SMEs also need corporate governance
Najihah S 
Aiolfi says good anti-corruption policies will help to improve SMEs’ reputation and corporate image
THE perception that corporate governance is only for public listed companies is a thing of the past.

Other than them, small and medium enterprises (SMEs) also need good corporate governance practices to grow their businesses and attract talent.

The Basel Institute Switzerland’s head of compliance Gemma Aiolfi says good anti-corruption policies will help to improve SMEs’ reputation and corporate image.

This, in turn, is advantageous as SMEs can potentially attract the attention of global and multi-national companies.

Moreover, those with good corporate governance policies can attract better talent and retain them.

Unfortunately, lack of awareness and training is part of the reason for SMEs to lag
behind public listed companies in terms of good corporate governance practices.

Aiolfi says SMEs are still worried that improving corporate governance and providing training to its employees will incur additional cost and reduce profitability.

“There is still a misconception that [corporate governance] compliance is costly.

“To conduct due diligence as part of compliance can also be seen as cost [outlay] for companies. So they are not keen,” she says, emphasising that SMEs need to be trained more on good corporate governance practices.

SMEs are not just key players in the economy but a major employer. Hence, it is very important that good governance practices are included within their corporate framework to further spur business growth. However, not many SMEs seem to be keen on training.


There are a number of other reasons SMEs lag behind when it comes to corporate governance compliance and anti-corruption structures.

One is perhaps the lack of awareness while another is the rising cost of such training and compliance.

A key concern for any company is productivity. However, corporate governance practices can improve productivity and result in better profits.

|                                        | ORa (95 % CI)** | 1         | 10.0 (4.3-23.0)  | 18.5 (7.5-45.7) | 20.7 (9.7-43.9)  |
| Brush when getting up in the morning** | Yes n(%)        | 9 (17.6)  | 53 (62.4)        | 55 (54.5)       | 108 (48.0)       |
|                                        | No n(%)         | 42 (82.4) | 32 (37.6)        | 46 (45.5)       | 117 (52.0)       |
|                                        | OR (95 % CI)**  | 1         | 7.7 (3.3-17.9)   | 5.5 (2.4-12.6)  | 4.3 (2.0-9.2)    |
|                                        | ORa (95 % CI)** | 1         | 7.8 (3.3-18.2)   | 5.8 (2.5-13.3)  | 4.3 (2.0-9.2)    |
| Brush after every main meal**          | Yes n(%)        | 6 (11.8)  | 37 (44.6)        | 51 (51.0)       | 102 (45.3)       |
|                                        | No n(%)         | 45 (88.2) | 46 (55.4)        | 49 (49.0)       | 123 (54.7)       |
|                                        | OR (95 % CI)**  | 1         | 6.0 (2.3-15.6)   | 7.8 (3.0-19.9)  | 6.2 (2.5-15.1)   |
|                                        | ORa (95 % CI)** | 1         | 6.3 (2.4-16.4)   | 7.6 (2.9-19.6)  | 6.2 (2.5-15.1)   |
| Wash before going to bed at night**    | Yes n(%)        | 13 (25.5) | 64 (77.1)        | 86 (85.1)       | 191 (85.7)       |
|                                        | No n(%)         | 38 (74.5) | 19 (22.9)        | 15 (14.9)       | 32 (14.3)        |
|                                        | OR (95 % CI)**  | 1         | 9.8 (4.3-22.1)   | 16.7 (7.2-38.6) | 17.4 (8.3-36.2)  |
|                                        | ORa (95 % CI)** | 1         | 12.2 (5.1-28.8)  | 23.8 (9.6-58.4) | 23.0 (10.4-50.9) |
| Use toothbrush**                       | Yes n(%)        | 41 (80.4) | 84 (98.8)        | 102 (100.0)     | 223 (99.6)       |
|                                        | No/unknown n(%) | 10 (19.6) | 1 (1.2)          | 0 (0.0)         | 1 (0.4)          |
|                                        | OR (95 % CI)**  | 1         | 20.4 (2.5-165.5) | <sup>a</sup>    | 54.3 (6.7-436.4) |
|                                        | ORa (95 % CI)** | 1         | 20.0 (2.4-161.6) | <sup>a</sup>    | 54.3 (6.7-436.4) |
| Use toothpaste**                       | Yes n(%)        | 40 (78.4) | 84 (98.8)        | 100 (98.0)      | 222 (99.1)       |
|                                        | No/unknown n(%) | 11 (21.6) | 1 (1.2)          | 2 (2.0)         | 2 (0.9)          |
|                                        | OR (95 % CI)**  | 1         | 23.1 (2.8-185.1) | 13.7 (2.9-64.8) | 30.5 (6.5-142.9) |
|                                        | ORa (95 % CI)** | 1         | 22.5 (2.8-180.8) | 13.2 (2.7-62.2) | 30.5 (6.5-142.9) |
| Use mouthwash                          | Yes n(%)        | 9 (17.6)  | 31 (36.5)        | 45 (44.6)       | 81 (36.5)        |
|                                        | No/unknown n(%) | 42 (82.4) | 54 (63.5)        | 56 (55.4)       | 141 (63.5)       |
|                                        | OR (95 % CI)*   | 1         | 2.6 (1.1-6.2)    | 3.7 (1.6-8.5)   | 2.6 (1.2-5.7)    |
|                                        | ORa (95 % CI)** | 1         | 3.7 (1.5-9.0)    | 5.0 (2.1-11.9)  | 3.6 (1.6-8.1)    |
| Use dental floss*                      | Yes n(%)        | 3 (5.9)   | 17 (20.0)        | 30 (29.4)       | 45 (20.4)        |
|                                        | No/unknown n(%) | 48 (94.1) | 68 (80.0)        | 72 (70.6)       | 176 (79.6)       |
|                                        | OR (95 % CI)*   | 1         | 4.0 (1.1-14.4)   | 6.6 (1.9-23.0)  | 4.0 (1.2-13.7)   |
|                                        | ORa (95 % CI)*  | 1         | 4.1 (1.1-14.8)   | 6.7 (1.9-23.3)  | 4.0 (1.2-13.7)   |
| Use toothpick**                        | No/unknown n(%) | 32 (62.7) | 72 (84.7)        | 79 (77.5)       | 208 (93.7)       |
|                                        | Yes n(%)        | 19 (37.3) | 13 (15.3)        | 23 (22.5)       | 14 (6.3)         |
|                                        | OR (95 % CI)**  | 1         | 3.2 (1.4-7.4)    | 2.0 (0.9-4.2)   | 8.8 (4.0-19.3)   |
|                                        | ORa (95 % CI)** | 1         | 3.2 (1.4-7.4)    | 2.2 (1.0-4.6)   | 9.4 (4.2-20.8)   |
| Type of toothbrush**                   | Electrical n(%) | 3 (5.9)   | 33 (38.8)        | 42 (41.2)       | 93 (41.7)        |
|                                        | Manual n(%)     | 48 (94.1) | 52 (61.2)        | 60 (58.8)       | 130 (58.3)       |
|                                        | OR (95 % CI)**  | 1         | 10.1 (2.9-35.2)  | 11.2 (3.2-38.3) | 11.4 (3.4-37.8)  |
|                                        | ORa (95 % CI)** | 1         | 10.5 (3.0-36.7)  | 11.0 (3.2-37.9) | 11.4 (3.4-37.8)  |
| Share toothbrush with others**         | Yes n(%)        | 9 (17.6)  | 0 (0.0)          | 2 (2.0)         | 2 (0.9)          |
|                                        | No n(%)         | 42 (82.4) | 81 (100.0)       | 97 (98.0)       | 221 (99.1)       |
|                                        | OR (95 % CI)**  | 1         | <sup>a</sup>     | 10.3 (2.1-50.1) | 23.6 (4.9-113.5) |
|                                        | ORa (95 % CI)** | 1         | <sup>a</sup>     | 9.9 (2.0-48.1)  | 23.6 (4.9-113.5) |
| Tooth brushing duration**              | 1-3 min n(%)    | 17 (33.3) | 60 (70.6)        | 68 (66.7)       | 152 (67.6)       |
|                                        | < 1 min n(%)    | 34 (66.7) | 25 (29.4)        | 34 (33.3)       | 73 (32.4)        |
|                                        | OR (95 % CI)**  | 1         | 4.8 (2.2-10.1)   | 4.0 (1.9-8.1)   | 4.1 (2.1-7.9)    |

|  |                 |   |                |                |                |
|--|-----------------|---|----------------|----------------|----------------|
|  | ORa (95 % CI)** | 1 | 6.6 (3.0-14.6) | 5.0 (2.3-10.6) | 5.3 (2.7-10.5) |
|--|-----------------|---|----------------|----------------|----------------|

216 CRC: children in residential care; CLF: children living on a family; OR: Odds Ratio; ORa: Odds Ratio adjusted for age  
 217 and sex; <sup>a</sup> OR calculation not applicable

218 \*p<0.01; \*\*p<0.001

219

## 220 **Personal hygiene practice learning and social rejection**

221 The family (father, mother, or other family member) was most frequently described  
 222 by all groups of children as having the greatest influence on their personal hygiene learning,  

Issues such as corporate governance and compliance need to be addressed as it deals with a company’s management structure, negotiation techniques and succession planning.

Nestor Advisors UK’s economist and director David Risser tells FocusM that SMEs should seriously invest in corporate governance training to equip themselves.

SMEs should realise that the cost of failing is worse than spending on corporate governance training, says Risser

“Compliance training is not seen as a revenue generating activity. But SMEs should realise that the cost of failing is far worse than spending on the [corporate governance training] module.

“It’s similar to the analogy of having breaks in a car. It does not slow down your progress, but it is a precautionary measure to ensure damage control,” Risser says.

To help SMEs equip themselves with good corporate governance practices, the Malaysian Institute of Management (MIM) has partnered with Basel Institute and Nestor Advisors.

The partnership will result in a roll out of comprehensive corporate governance training. This includes internationally recognised compliance modules.

Succession planning

Succession planning, transparency and anti-corruption are part of MIM’s three-day training session, conducted by experienced professionals.

MIM works with SME Corporation Malaysia (SME Corp), to develop a framework for the country based on white papers prepared by the Organisation for Economic Co-operation and Development (OECD).